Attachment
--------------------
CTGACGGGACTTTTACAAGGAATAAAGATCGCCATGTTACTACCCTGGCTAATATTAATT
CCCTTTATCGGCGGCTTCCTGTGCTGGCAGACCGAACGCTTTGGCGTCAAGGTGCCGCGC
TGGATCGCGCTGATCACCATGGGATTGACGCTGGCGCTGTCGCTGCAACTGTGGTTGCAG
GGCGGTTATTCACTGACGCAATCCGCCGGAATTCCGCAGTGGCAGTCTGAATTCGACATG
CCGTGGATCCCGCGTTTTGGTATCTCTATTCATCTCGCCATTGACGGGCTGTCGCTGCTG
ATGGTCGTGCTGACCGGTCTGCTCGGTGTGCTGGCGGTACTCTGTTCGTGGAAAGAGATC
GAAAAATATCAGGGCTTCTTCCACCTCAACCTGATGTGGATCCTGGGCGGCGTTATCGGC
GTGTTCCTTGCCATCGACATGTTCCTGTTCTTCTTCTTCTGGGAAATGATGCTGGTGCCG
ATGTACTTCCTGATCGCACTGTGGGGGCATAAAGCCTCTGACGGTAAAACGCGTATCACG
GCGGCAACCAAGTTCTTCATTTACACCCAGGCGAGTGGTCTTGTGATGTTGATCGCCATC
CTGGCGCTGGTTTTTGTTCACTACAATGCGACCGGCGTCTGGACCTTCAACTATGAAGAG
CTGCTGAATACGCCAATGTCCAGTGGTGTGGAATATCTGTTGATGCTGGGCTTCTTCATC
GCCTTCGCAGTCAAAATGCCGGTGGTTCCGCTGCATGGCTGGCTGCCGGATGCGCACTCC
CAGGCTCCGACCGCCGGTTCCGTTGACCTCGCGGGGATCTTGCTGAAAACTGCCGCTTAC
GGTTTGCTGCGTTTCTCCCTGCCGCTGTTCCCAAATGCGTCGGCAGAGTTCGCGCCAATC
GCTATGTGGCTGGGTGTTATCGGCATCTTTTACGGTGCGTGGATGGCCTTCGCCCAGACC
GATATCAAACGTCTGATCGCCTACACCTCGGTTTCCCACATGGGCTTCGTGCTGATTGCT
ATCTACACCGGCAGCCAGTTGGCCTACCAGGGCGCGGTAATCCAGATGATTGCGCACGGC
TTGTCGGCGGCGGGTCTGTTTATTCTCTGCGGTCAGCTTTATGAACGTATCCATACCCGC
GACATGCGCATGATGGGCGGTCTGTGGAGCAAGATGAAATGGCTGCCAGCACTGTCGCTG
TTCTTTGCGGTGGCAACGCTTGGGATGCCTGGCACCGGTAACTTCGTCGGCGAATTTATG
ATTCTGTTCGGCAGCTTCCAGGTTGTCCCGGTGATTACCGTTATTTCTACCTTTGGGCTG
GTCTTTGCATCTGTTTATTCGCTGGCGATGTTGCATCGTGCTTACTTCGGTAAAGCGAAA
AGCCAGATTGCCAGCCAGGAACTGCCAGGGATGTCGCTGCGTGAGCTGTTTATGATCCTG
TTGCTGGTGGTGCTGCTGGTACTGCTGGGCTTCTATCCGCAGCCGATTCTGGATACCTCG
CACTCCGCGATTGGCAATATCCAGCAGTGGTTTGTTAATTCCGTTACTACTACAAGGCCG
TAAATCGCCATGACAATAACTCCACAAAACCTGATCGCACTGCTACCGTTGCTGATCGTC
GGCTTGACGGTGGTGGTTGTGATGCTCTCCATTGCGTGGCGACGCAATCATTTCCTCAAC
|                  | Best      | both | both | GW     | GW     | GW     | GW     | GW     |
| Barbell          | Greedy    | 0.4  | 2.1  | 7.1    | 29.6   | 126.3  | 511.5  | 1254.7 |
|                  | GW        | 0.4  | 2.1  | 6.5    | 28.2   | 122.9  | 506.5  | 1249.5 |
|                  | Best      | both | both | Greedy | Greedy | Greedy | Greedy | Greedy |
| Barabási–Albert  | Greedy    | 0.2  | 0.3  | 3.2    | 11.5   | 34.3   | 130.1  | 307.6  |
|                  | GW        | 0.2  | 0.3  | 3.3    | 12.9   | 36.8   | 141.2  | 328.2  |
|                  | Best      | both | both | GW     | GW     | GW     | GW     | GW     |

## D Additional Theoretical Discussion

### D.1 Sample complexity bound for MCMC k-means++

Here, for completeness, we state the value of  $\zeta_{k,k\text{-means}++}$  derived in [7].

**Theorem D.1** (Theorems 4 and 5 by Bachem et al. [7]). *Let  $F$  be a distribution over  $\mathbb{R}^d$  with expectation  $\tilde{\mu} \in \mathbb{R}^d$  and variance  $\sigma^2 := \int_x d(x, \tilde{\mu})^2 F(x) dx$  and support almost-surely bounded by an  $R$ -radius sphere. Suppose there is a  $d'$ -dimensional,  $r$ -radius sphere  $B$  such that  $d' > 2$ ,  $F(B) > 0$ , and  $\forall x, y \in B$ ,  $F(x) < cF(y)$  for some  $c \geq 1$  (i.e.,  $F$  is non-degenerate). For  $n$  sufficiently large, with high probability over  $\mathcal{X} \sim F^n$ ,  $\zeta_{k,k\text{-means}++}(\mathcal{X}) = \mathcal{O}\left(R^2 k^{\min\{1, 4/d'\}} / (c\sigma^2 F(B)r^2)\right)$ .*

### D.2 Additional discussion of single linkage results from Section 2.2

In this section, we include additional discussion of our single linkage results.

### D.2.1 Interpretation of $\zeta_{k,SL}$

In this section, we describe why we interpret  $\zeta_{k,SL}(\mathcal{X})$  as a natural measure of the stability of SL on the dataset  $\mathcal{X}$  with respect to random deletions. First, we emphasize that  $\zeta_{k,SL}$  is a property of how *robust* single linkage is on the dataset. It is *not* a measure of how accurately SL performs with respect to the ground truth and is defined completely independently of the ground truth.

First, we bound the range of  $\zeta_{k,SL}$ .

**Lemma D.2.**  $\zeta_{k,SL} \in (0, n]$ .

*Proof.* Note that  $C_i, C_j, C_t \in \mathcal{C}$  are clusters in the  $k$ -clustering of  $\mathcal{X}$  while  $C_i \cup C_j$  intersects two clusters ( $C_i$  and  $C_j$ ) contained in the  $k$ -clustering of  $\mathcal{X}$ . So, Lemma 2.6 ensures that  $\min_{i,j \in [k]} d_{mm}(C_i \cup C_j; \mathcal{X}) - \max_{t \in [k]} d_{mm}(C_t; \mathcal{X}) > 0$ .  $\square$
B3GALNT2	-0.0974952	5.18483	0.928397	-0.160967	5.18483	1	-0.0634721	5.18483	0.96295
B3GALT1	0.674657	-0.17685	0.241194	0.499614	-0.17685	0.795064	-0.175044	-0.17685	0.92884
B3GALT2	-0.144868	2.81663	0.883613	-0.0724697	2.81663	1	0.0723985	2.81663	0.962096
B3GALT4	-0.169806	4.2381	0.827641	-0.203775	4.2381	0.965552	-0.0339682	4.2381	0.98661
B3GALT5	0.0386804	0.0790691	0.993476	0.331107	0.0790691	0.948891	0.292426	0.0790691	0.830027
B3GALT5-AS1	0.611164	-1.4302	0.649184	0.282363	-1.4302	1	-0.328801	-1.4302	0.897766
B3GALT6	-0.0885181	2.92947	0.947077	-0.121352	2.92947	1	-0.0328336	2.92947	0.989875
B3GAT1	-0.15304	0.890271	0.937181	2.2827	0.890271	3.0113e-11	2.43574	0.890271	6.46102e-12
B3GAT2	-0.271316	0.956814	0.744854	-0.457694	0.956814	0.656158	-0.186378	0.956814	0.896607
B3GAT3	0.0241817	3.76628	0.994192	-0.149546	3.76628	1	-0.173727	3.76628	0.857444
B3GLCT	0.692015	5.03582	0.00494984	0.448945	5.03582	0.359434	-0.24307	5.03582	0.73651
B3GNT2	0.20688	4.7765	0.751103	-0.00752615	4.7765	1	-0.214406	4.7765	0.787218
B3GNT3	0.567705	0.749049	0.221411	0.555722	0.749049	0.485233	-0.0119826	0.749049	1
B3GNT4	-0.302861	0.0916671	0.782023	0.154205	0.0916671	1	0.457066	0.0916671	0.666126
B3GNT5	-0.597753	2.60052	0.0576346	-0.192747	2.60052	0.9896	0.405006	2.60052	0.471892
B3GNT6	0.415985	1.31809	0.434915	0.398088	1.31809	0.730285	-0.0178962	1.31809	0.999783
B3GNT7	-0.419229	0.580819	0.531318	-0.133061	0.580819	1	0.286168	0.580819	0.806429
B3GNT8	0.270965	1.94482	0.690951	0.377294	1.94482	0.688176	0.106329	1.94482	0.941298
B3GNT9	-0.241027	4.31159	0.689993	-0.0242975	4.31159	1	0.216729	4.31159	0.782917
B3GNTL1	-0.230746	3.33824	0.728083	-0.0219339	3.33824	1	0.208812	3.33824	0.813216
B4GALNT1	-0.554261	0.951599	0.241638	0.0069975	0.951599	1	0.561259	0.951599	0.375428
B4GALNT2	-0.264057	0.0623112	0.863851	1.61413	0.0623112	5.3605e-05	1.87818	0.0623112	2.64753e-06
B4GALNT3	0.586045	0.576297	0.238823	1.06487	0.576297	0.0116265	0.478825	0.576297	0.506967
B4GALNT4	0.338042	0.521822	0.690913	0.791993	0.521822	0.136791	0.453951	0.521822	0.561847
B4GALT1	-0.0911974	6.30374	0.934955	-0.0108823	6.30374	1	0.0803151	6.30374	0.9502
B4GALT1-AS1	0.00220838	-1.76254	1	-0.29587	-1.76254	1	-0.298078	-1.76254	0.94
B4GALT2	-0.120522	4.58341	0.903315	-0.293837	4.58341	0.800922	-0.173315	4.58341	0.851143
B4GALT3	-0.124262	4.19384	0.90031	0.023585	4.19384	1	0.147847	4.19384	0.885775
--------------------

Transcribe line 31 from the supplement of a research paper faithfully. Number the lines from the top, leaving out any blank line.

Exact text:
|                  | GW        | 0.4  | 2.1  | 6.5    | 28.2   | 122.9  | 506.5  | 1249.5 |